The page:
That’s the remarkable part of the story. These folks who were kicked out of the hotel, on the streets, with no insurance, led a fight to win the right to return to work law not only in the city of Los Angeles but in the state of California. These laws require hospitality employers to rehire workers who previously worked at their hotel before the pandemic. The Chateau Marmont workers were key leaders in that fight. That law, I would argue, has proven to be the most effective, consequential law for working people since I’ve been organizing. The minute that law came into effect, many hotels started returning workers back to work who were incumbent workers. It really had an immediate impact. 

Chateau Marmont took a different tack. They have purposely kept the hotel at very low occupancy with the sole purpose, I believe, of hoping that those workers who used to work at the hotel will run out of energy and run out of desire to return to the hotel. Contrary to every hotel that I’m aware of in LA, which has opened up and wants business, these guys have kept it at 20 percent, because they don’t want their workers back.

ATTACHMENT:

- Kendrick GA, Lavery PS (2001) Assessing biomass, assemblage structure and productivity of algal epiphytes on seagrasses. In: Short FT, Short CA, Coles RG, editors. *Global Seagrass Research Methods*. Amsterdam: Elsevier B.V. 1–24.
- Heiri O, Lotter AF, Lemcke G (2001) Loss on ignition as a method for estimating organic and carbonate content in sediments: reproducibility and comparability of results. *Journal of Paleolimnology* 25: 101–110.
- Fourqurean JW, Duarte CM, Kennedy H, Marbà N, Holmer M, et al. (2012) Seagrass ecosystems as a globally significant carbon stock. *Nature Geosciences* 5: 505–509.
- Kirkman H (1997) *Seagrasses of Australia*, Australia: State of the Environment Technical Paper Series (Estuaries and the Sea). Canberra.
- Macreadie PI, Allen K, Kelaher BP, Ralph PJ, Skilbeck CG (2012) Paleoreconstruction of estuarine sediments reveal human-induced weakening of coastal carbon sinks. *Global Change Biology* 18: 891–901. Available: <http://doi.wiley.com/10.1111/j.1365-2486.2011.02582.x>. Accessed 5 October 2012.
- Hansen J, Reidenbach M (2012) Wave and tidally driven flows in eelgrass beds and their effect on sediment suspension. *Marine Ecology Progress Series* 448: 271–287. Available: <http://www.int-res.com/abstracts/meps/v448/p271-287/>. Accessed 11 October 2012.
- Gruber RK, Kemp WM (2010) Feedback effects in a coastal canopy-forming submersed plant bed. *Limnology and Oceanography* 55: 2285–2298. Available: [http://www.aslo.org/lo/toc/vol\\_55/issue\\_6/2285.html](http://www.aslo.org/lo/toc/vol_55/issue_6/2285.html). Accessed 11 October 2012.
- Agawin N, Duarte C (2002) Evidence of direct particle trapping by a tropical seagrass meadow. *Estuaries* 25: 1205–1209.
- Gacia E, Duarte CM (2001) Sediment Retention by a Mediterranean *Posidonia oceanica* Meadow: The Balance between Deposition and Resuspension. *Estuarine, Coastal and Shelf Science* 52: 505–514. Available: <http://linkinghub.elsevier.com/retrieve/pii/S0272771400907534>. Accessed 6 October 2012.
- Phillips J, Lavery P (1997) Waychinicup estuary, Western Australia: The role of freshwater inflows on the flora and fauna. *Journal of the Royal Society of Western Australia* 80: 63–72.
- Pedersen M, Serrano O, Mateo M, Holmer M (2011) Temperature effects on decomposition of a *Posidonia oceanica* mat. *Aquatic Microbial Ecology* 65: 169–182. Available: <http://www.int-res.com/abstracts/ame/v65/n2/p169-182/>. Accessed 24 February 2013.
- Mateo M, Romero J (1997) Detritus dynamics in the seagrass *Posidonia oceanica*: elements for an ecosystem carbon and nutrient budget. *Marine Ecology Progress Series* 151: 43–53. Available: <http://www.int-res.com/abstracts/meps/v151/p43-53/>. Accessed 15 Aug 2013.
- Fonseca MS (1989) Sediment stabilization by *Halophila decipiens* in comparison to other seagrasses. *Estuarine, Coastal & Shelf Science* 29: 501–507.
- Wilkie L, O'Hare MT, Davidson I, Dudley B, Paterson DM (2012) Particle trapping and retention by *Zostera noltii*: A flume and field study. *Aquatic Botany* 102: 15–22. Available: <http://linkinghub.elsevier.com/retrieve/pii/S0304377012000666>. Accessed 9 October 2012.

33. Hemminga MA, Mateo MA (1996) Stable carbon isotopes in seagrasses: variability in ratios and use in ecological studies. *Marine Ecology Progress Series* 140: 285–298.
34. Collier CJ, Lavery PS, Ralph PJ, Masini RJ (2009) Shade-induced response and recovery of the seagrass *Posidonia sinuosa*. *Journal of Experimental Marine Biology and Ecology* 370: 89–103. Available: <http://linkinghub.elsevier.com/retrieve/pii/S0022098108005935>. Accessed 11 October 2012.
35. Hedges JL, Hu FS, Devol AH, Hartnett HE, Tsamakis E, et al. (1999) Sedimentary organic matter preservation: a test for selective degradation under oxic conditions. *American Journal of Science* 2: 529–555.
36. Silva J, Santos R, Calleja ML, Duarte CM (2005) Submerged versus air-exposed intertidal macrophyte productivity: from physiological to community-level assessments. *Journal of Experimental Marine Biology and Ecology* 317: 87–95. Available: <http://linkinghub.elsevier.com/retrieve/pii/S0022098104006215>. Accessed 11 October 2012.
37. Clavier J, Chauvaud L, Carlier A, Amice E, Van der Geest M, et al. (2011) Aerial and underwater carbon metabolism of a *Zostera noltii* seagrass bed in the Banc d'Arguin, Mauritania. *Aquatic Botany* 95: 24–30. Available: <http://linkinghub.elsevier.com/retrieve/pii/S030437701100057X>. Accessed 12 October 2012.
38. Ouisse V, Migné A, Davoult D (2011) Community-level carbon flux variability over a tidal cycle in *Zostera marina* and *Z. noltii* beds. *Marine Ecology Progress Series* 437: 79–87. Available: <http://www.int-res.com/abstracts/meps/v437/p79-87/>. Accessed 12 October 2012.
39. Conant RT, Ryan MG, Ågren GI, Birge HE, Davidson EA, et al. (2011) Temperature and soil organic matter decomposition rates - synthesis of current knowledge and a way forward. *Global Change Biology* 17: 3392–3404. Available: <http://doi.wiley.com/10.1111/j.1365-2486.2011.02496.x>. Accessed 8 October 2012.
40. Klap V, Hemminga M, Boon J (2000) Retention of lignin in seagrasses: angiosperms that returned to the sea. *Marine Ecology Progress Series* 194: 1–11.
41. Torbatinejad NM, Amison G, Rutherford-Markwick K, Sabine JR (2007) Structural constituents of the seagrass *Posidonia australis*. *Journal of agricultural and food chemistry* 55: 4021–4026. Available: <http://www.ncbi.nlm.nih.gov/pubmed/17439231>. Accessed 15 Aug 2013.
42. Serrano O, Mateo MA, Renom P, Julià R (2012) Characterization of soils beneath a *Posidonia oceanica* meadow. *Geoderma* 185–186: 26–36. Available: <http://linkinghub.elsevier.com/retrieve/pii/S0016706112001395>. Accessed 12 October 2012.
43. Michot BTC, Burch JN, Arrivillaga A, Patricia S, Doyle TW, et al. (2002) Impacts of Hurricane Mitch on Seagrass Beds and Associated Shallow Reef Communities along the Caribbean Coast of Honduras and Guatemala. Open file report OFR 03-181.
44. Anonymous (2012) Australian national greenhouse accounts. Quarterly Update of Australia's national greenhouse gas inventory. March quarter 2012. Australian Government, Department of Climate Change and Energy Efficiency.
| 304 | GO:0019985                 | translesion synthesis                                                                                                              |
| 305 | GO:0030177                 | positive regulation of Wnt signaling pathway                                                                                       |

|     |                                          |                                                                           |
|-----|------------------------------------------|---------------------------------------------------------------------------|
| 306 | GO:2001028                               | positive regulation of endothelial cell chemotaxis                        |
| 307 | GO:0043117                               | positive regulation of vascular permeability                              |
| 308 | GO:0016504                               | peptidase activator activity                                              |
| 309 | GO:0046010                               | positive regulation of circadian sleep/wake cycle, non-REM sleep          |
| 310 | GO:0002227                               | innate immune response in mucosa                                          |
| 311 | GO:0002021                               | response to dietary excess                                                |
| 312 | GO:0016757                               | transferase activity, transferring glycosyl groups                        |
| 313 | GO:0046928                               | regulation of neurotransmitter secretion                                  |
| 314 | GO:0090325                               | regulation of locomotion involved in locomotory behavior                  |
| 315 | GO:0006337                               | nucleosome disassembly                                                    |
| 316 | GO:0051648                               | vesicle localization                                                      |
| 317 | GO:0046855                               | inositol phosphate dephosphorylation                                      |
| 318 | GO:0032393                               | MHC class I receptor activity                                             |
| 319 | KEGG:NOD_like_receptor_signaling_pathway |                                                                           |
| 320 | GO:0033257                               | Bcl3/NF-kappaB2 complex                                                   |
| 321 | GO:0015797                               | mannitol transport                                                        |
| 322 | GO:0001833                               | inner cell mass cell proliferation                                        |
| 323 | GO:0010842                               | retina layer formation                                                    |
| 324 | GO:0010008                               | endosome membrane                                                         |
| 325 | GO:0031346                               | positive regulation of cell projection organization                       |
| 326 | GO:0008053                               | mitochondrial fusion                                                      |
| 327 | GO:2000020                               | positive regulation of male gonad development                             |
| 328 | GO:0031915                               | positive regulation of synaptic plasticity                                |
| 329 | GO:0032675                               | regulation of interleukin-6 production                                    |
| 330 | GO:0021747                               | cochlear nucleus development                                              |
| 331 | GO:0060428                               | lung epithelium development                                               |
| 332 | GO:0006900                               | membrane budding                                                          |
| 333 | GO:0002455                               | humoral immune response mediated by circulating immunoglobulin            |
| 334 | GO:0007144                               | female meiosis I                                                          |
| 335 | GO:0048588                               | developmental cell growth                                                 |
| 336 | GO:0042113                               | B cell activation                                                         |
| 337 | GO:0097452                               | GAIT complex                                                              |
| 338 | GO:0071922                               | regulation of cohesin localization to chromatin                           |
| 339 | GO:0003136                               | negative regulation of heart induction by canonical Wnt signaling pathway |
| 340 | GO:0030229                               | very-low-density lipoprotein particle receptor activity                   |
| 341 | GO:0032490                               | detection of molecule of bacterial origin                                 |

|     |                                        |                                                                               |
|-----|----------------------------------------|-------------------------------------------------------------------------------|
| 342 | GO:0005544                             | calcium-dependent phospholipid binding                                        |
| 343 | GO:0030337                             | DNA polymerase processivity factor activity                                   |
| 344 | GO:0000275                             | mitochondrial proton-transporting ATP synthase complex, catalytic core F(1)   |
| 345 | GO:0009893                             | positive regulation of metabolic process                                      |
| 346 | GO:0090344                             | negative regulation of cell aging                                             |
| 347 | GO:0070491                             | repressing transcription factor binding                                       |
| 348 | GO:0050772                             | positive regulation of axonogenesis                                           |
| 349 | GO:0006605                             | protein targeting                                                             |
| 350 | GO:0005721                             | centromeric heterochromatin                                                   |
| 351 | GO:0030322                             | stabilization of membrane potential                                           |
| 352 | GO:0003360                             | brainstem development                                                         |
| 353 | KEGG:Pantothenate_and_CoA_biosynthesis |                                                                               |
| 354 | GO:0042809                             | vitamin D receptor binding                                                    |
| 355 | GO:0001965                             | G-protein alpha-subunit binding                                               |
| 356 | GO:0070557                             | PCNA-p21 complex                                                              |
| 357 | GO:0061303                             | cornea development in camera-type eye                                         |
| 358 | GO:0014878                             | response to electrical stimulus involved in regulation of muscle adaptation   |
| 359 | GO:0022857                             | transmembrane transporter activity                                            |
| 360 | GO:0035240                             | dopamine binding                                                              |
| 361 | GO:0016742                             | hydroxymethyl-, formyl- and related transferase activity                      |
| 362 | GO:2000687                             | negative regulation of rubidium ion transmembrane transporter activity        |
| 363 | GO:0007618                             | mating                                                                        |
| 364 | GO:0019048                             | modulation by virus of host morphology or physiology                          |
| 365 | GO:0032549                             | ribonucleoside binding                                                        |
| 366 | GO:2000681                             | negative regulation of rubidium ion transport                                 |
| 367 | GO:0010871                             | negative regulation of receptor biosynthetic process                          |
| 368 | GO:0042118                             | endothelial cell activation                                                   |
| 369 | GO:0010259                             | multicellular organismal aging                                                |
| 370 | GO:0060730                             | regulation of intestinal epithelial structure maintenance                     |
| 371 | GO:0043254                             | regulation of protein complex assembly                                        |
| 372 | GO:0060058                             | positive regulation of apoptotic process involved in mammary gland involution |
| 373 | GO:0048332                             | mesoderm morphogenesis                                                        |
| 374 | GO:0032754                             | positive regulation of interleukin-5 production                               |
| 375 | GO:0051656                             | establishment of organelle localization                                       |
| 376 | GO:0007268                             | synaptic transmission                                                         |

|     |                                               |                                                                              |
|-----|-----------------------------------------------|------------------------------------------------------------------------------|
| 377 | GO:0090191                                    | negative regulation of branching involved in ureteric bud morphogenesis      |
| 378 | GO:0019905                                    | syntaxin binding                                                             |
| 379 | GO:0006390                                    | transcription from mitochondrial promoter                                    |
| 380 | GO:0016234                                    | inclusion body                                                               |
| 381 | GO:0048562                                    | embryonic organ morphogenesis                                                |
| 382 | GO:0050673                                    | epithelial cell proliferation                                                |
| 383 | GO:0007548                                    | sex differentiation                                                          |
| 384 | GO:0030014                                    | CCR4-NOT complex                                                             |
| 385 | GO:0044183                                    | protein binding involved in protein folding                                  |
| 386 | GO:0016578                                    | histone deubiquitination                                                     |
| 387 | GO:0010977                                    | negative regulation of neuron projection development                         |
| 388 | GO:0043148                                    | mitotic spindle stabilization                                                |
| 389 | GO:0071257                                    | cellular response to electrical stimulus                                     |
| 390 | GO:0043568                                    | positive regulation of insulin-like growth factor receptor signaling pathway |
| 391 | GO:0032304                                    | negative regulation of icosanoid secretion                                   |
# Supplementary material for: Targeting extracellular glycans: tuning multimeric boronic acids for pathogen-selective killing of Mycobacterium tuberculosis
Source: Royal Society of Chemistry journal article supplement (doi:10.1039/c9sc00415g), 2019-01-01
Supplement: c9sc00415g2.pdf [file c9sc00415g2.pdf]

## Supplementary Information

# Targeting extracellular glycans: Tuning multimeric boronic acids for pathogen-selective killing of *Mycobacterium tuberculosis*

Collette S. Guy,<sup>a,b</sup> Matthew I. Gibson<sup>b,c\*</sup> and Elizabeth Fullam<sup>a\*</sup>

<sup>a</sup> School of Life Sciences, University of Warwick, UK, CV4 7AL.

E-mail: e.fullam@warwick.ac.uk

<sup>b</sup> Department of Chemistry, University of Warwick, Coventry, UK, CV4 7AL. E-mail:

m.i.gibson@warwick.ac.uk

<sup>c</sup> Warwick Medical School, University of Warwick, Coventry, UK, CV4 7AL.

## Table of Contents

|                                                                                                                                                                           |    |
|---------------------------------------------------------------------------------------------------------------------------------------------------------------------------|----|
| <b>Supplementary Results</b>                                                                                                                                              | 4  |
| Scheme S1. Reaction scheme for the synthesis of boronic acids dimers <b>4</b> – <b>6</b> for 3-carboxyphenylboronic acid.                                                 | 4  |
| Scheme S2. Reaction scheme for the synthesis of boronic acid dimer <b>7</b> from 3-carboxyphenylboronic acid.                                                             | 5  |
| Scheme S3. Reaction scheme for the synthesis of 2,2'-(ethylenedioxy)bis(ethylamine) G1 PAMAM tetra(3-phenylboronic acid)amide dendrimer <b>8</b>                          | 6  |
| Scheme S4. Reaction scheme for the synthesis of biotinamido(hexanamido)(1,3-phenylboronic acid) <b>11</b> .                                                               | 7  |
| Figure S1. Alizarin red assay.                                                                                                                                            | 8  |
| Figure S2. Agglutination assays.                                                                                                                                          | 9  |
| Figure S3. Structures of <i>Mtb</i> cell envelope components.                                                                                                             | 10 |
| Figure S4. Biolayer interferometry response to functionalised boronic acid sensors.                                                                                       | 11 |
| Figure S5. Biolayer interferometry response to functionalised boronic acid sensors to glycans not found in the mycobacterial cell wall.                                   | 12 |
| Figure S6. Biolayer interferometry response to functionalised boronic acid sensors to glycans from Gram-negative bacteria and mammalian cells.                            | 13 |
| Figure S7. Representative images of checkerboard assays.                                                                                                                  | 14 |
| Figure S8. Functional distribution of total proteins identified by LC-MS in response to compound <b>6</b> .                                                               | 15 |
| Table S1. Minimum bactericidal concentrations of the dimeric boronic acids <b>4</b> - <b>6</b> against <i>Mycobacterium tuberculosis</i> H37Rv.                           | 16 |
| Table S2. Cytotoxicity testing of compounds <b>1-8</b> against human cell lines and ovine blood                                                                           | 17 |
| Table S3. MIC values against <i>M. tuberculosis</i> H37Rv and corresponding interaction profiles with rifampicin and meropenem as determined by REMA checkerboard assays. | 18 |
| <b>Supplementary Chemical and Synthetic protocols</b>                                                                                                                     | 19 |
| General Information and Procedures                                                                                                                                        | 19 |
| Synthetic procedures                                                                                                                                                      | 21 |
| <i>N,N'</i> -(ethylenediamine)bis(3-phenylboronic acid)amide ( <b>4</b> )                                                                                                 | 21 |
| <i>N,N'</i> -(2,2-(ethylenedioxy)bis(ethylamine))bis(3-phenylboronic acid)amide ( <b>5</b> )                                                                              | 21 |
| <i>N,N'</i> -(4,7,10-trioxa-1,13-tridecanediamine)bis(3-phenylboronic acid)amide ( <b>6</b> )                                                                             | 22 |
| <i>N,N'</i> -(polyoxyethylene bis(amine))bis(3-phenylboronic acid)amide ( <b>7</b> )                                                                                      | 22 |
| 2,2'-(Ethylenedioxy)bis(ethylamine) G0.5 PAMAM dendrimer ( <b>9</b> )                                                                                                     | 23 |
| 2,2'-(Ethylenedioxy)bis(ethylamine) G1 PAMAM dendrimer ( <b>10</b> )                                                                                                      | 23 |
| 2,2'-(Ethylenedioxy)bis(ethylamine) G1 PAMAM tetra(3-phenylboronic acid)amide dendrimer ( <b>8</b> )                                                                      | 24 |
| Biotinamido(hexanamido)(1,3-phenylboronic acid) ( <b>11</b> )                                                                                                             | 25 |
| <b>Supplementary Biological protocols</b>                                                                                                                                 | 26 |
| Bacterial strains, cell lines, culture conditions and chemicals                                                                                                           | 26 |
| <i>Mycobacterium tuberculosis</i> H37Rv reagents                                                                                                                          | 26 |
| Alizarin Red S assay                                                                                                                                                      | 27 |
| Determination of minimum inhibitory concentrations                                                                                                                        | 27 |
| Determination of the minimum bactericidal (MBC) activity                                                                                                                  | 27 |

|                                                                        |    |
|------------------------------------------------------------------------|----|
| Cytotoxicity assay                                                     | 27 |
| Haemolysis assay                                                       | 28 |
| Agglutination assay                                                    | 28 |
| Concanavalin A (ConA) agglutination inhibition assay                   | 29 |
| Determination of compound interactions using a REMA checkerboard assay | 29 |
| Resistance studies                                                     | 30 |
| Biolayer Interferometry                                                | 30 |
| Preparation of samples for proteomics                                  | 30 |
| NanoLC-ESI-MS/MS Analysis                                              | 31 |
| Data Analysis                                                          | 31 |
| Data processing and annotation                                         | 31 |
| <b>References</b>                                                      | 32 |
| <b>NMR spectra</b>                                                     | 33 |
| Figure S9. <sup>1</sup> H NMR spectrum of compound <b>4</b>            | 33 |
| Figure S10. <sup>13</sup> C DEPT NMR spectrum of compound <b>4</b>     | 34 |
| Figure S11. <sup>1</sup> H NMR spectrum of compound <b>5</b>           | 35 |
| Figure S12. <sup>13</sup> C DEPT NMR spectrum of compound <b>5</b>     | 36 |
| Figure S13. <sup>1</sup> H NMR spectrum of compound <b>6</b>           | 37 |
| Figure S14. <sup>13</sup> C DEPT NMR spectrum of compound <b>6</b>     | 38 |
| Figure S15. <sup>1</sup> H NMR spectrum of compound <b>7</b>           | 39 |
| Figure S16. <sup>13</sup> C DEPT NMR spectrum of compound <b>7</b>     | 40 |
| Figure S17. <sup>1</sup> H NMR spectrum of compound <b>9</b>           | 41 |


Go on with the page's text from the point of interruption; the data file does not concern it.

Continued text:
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As you’ve described it, Chateau Marmont’s strategy seems to be to wear down these workers in the hopes that they’ll just give up and go away. Is it working?